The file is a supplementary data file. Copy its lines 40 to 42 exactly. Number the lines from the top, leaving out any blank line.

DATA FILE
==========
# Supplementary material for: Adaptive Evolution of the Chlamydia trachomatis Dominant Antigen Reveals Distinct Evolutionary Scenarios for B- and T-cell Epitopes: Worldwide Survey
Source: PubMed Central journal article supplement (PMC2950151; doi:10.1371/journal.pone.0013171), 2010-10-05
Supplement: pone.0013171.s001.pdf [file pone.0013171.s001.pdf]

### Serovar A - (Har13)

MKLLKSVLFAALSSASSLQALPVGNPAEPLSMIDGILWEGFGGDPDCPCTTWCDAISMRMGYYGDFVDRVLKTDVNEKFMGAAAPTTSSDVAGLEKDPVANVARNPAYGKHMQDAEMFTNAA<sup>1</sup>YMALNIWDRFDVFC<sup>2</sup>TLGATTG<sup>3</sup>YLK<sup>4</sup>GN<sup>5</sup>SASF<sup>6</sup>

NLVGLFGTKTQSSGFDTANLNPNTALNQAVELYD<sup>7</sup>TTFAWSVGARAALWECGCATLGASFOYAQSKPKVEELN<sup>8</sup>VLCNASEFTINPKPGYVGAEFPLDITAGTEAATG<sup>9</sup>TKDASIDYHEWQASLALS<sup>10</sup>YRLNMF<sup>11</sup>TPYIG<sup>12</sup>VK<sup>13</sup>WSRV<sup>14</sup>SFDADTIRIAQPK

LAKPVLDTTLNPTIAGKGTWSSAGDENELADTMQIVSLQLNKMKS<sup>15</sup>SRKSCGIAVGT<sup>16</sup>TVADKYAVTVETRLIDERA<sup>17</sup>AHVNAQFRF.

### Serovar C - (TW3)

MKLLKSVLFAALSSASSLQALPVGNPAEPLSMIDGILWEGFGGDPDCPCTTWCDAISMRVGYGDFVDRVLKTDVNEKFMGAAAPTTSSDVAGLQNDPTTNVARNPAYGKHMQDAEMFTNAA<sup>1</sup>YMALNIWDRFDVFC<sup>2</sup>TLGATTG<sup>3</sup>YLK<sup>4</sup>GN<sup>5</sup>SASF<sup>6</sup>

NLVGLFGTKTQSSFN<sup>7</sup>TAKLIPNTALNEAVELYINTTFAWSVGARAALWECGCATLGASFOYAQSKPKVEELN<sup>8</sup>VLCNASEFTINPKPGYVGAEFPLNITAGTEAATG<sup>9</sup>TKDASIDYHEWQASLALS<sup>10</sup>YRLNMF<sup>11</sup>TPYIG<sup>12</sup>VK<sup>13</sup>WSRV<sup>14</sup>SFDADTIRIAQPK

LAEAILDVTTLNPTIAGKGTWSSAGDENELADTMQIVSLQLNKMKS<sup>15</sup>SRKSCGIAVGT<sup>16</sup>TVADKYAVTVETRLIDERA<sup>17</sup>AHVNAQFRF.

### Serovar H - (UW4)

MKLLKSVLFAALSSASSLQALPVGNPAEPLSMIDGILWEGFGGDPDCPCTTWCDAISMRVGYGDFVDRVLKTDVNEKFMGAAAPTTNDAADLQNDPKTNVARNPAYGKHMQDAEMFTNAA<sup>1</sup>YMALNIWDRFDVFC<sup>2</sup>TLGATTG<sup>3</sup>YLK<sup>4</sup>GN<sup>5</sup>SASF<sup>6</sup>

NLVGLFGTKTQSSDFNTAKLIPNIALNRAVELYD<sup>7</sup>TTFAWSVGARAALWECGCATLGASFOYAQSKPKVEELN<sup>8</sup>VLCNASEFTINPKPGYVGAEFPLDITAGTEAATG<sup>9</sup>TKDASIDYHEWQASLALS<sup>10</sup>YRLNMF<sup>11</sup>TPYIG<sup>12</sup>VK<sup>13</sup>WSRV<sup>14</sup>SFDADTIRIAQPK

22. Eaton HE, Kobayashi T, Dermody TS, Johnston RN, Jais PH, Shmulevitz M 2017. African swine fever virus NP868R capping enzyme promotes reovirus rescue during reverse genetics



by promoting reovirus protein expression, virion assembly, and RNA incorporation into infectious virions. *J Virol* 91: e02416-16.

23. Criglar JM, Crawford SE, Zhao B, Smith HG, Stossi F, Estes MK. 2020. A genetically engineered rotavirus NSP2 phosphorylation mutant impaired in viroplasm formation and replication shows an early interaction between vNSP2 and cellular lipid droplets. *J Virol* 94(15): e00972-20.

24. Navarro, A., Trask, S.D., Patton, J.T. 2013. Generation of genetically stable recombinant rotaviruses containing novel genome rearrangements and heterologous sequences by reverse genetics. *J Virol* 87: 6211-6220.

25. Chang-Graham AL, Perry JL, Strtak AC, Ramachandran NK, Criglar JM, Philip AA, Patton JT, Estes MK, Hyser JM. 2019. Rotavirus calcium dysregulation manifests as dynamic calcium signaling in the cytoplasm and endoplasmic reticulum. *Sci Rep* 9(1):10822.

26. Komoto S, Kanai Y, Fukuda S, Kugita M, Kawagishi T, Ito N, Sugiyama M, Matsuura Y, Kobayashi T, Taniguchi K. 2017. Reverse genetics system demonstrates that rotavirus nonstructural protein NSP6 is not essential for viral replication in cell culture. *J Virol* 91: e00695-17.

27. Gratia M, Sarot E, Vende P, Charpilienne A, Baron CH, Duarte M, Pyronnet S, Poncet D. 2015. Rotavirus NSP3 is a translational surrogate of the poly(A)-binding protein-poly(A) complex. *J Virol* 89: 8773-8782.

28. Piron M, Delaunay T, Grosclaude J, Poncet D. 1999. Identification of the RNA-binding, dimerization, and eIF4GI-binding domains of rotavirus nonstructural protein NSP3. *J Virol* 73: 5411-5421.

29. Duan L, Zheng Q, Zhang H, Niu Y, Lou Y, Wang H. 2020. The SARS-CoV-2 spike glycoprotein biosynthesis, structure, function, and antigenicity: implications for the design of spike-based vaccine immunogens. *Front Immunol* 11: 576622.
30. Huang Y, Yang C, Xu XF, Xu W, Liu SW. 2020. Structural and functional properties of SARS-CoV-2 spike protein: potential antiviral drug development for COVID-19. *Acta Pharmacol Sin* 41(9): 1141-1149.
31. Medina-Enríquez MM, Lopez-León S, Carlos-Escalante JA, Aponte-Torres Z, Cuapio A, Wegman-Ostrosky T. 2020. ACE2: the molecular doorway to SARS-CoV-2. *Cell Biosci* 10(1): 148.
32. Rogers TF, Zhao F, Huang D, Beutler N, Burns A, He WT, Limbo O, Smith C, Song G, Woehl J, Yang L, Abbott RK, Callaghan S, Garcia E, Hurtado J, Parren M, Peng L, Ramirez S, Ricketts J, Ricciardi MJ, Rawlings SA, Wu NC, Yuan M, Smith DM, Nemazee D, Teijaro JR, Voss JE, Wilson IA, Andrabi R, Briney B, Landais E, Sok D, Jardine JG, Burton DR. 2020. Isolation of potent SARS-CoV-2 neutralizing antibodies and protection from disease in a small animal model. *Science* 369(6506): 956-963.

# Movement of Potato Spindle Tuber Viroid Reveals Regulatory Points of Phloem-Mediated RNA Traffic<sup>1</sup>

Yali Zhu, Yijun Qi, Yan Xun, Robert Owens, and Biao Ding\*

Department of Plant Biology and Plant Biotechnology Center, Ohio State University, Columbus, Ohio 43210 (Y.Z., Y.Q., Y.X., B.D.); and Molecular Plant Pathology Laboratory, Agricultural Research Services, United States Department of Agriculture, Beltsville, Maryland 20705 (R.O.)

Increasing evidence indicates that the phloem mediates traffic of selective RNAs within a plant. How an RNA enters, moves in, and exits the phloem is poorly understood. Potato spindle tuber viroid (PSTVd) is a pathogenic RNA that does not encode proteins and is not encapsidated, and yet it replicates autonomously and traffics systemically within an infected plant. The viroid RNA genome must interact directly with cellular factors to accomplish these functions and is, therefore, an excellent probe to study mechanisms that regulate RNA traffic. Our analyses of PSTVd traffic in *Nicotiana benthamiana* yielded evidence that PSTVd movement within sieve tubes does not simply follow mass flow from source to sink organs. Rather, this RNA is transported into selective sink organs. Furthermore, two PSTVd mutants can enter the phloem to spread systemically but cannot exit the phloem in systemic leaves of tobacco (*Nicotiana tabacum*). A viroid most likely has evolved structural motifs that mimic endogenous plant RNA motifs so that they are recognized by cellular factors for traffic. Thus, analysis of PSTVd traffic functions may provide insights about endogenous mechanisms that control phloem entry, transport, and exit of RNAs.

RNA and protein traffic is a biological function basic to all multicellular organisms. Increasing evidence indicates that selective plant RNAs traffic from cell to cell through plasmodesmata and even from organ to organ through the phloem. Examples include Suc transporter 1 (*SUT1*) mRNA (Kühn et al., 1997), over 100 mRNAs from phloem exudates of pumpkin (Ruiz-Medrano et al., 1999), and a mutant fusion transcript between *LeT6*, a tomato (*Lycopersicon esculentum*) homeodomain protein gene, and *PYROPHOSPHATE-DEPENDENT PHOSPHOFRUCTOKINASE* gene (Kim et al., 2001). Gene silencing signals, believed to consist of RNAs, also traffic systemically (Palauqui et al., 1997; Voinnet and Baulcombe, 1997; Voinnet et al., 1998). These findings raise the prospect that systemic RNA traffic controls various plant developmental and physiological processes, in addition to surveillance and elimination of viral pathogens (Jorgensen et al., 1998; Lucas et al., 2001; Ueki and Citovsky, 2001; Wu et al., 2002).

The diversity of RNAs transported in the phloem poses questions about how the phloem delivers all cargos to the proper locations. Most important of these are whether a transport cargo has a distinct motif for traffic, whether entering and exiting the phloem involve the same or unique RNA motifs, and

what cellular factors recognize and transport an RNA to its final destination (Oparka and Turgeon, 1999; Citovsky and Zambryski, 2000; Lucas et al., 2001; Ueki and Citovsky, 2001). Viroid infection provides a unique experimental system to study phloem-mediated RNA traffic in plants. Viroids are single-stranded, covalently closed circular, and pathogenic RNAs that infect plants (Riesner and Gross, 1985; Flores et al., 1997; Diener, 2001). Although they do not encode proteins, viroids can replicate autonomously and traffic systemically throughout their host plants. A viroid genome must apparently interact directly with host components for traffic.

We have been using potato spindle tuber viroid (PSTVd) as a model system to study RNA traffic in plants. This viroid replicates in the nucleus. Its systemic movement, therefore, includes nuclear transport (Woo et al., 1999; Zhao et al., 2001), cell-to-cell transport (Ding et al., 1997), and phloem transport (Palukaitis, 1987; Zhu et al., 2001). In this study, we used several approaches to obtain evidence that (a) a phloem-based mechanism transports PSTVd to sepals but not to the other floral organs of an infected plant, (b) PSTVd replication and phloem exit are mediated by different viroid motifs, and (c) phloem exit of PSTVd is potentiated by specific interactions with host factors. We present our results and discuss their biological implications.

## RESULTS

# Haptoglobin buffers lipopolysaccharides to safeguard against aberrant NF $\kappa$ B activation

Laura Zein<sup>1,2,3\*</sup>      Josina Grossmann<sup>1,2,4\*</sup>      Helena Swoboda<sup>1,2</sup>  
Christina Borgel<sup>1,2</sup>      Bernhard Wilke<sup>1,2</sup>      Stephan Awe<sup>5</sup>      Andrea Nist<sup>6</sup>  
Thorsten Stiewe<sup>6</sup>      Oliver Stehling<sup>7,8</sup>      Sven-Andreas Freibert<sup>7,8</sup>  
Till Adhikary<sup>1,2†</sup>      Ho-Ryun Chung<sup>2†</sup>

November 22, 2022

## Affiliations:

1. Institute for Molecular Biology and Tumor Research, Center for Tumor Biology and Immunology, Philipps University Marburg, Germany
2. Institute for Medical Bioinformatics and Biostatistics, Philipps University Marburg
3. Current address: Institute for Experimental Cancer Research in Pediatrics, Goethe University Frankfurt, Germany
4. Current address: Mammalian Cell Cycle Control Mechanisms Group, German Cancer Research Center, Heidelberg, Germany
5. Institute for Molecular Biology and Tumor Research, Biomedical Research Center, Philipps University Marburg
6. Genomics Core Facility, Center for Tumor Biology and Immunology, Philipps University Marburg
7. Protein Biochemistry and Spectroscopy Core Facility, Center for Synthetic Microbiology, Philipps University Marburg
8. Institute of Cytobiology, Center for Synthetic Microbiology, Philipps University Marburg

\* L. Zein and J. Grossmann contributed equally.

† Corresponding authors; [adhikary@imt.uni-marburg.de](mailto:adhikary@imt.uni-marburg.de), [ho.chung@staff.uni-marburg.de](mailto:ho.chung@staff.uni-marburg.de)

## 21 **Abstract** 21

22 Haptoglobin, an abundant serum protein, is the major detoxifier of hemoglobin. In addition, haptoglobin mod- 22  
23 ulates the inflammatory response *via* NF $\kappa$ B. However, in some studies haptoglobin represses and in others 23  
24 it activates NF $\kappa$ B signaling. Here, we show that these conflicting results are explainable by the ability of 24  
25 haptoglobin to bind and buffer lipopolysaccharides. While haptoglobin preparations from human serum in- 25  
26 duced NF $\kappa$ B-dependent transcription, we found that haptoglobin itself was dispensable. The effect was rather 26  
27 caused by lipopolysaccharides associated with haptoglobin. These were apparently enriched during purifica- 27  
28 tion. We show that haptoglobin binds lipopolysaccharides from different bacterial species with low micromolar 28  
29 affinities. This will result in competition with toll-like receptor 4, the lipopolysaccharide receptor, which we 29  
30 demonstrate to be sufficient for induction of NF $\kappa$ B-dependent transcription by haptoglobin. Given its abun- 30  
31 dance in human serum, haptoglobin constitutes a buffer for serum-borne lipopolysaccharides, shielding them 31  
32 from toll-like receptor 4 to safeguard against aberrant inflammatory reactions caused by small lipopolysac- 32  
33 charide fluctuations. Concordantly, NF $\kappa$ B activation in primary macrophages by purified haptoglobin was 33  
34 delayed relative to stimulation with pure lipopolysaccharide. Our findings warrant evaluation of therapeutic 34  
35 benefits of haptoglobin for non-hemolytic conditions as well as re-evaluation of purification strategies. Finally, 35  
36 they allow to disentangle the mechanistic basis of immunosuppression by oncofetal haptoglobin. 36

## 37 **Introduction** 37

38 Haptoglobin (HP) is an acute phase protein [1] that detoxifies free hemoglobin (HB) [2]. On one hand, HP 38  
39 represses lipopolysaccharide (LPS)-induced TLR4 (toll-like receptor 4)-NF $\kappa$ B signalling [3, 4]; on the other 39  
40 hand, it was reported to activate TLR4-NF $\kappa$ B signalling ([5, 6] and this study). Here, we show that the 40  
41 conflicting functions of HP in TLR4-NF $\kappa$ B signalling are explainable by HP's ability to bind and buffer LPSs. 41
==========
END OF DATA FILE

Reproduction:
Till Adhikary<sup>1,2†</sup>      Ho-Ryun Chung<sup>2†</sup>

November 22, 2022

## Affiliations: